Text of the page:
1981: Hijacked Plane of PIA. This photo shows Salam Ullah Tipu, hanging out from the cockpit of a PIA plane that he had hijacked with three other colleagues in 1981. The plane was going from Karachi to Peshawar. Tipu, a leftist student leader from Karachi, had joined Murtaza Bhutto’s Al-Zulfikar Organisation (AZO) to instigate an urban guerrilla war against the Zia-ul-Haq dictatorship. The plane was hijacked from Karachi, flown to Kabul and then to Damascus (Syria). The hijackers released the passengers after the Zia regime agreed to release 54 political prisoners from jails. In 1984, Tipu was executed by the pro-Soviet regime in Kabul after he’d fallen out with Murtaza Bhutto, while the other hijackers traveled to Libya.
1981: Another Photo of Hijacked PIA Plane. Salamullah Tipu gestures with a scorpion .32 Russian made sub machine gun in hand from the cockpit hijacked PIA plane in 1981.
February 2, 1971: Blown Up Indian Airlines Plane, “Ganga”, at Lahore Airport. This Indian Airlines Fokker Friendship F-27 plane, which took off from Srinagar for Jammu on January 30, 1971, was hijacked and brought to Lahore by two young Kashmiri cousins, Hashim Qureshi and Ashraf Qureshi. The official Pakistani story has been that the Ganga hijacking was planned by Indian intelligence to be used as an excuse to ban Pakistani aircraft flying over India in order to keep East Pakistan’s beleaguered garrison from being supplied. After releasing the crew members and passengers, the aircraft was blown up on Feb 2, 1971. Read following articles for more details of the episode:-The Truth about the Ganga Hijacking, by Khalid Hasan and Remembering the 1971 Ganga Episode
February 1971: Wreckage of “Ganga”, at Lahore Airport
Night 13/14 August 1947. First Announcement on Lahore Radio Station. The renowned journalist Khalid Hasan after extensive research claims that the first announcement on Pakistan’s birth came in English from the Lahore Radio station by Zahur Azar exactly five seconds before midnight on August 13 (at 23 hours 59 minutes and 55 seconds). He said in his polished voice, “the independent and sovereign State of Pakistan will come into existence.”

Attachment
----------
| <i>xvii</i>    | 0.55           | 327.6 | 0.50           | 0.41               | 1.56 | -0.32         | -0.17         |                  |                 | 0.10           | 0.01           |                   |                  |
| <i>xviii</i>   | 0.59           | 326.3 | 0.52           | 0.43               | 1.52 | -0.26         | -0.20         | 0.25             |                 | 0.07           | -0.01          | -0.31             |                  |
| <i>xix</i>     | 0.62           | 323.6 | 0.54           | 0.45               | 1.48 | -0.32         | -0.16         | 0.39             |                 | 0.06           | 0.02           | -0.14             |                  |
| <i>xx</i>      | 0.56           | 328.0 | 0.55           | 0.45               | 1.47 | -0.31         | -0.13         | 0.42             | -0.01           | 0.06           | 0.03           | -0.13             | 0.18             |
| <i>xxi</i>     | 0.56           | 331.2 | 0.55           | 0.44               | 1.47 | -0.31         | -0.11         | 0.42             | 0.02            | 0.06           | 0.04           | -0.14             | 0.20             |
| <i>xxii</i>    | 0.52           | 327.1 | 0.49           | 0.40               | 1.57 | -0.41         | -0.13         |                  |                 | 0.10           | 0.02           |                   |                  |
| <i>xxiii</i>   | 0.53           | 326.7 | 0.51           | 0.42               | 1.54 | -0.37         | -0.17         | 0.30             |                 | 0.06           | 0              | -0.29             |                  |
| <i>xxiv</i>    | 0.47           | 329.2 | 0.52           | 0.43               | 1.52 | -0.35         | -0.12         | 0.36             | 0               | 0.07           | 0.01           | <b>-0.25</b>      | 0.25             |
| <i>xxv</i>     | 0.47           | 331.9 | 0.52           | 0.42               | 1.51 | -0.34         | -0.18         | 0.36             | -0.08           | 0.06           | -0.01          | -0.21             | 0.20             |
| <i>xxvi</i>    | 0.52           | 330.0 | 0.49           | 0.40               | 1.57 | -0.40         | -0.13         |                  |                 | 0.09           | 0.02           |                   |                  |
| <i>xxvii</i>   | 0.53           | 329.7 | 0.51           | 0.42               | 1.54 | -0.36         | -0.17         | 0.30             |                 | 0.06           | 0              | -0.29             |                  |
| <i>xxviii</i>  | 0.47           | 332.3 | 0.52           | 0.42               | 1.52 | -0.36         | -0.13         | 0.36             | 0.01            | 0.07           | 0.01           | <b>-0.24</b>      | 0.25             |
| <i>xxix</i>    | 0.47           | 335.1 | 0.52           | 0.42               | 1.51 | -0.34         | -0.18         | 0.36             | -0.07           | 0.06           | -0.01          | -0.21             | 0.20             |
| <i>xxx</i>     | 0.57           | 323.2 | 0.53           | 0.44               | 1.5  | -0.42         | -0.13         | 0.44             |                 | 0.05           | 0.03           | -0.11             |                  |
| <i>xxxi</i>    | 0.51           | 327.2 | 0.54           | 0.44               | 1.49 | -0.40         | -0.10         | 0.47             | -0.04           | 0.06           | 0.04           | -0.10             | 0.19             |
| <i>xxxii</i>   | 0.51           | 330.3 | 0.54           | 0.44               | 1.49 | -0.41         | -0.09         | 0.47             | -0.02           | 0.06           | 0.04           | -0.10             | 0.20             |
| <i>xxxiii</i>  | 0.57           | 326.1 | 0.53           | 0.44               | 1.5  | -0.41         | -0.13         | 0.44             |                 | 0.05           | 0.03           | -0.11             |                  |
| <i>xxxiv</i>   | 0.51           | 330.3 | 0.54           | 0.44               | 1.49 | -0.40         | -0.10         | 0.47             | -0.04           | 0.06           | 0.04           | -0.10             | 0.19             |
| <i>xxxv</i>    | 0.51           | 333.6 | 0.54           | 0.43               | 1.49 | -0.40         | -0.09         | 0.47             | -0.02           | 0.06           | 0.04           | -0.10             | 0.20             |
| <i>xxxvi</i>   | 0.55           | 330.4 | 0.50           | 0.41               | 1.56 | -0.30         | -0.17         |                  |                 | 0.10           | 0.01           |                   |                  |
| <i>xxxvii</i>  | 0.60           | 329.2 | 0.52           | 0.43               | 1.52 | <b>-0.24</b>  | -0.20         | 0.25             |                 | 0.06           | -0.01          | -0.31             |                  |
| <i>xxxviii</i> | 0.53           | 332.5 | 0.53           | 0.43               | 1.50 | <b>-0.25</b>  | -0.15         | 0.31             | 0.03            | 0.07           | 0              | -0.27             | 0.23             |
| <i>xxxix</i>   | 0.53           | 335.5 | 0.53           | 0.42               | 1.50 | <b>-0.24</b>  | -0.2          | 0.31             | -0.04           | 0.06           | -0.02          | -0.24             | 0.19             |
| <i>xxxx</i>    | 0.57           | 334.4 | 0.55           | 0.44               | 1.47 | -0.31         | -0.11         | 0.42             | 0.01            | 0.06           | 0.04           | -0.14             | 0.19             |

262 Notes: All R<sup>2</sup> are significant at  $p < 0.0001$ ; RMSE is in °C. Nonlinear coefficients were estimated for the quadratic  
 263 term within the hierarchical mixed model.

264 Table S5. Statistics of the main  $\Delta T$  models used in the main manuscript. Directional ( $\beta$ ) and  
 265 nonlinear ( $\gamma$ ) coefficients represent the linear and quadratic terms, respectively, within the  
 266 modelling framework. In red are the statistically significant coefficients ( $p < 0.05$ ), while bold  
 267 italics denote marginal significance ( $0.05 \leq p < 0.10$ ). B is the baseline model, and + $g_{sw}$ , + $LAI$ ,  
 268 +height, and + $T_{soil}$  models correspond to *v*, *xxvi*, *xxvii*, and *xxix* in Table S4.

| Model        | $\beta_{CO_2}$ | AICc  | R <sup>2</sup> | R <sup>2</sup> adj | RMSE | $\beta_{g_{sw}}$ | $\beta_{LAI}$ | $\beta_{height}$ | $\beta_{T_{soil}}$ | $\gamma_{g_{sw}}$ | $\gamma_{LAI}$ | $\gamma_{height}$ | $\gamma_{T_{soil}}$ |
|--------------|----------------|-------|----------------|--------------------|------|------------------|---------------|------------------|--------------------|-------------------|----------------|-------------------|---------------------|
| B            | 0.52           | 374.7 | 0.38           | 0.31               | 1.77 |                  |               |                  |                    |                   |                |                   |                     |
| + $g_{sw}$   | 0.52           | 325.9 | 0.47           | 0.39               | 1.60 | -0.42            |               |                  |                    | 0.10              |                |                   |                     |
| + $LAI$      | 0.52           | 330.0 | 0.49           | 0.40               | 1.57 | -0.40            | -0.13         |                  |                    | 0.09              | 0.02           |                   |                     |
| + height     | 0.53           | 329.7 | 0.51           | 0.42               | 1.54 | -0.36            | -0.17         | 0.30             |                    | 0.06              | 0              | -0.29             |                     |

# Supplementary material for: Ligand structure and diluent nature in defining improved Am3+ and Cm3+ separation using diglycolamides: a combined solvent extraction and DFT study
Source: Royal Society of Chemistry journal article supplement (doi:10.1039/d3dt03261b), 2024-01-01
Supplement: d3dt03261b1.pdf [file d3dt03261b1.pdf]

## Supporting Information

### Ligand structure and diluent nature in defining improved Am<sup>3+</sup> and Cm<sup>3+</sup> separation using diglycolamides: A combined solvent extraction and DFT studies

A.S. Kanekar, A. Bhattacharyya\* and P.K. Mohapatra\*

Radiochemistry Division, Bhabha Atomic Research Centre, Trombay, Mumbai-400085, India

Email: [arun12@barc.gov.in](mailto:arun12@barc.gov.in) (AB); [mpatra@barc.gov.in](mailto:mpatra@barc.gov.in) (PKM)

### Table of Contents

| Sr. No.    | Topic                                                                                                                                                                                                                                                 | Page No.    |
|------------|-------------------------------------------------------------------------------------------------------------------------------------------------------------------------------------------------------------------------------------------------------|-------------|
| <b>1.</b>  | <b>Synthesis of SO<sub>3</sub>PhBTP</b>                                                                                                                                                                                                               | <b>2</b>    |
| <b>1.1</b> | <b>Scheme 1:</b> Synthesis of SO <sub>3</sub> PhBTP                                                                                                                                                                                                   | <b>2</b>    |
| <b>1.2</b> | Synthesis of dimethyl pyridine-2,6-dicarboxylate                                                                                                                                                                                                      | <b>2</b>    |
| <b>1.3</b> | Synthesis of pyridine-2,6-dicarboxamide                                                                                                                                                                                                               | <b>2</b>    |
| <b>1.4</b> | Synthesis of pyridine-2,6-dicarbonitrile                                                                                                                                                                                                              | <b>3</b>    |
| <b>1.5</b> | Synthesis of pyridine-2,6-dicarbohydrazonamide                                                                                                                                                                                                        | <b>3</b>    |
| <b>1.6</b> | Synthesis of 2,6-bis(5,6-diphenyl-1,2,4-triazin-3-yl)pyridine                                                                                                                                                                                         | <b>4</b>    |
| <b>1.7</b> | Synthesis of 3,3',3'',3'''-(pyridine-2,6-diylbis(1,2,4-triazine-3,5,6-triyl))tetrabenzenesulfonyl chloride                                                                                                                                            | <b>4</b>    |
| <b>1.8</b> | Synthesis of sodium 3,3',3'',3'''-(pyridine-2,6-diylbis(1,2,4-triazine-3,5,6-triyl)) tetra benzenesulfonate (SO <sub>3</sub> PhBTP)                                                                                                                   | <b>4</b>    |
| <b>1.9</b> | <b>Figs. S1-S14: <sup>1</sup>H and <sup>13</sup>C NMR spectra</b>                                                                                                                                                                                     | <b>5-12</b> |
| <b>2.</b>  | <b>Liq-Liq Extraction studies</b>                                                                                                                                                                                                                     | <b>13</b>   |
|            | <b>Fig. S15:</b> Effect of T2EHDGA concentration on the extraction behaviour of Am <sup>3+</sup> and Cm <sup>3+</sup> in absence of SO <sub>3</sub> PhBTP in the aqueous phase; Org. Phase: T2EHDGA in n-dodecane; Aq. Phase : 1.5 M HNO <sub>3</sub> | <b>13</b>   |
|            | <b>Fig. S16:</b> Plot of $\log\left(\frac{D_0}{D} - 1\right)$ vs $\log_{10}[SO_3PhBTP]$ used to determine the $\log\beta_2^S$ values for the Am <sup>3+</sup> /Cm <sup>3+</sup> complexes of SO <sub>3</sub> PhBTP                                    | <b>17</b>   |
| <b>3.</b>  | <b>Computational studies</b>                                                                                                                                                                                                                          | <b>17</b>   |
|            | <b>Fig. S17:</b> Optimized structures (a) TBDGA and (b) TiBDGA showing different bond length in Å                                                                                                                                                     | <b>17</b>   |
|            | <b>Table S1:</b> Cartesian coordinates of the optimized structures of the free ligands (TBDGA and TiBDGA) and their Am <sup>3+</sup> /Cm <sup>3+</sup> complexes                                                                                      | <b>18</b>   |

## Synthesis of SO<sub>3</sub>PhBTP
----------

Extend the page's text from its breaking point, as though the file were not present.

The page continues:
The English announcement was followed by twelve chimes of the studio clock. There was a dramatic pause and then Azar came on the air again: “This is Pakistan Broadcasting Service, Lahore. We now bring you a special programme on the dawn of Pakistan’s Independence.”
The third announcement came from Mustafa Ali Hamdani in Urdu. He said: “ Assalam-au-Alaikum. Yeh Pakistan Broadcasting Service, Lahore, hai. Abb aap hamara khusoosi programme sunye. ” (This is the Pakistan Broadcasting Service, Lahore. Please stand by for our special programme).
Khalid Hasan says that there is a misconception that Mustafa Hamdani made the first announcement. Read following articles to clear this doubt: Zahur Azar and the First Broadcast, by Khalid Hasan, For Zahur Azar’s Eyes, by Khalid Hasan, Zahur Azar and Freedom at Midnight, by Khalid Hasan.
It seems that this is some later days photo of Hamdani because he is wearing a sweater. In those days the radio station was not air conditioned.
13/14 Aug 1947: Announcement by Mustafa Ali Hamdani on Lahore Radio Station. After watching this very brief video, the readers can make their own research to find who was the first announcer on the eve of Independence of Pakistan.
Lahore – 1912: Allama Iqbal Reciting a Poem. This is the only known photograph of Allama Iqbal (enlarged in the inset, but also visible in the main picture) reciting a poem in Badshahi Mosque, Lahore. He recited his landmark Urdu poem ‘Huzoor-e-Risalatmaab Mien’ (حضورِ رسالتمآب میں) during a fundraiser for the freedom-fighters of Libya. The mosque is packed to its capacity, which confirms the eye-witness reports that Iqbal’s poems usually drew an audience of more than 20,000 people.
1858: Bahadur Shah Zafar. Photo of Mughal Emperor of India Bahadur Shah Zafar just after his show trial before his departure for exile to Rangoon, Burma in 1858.
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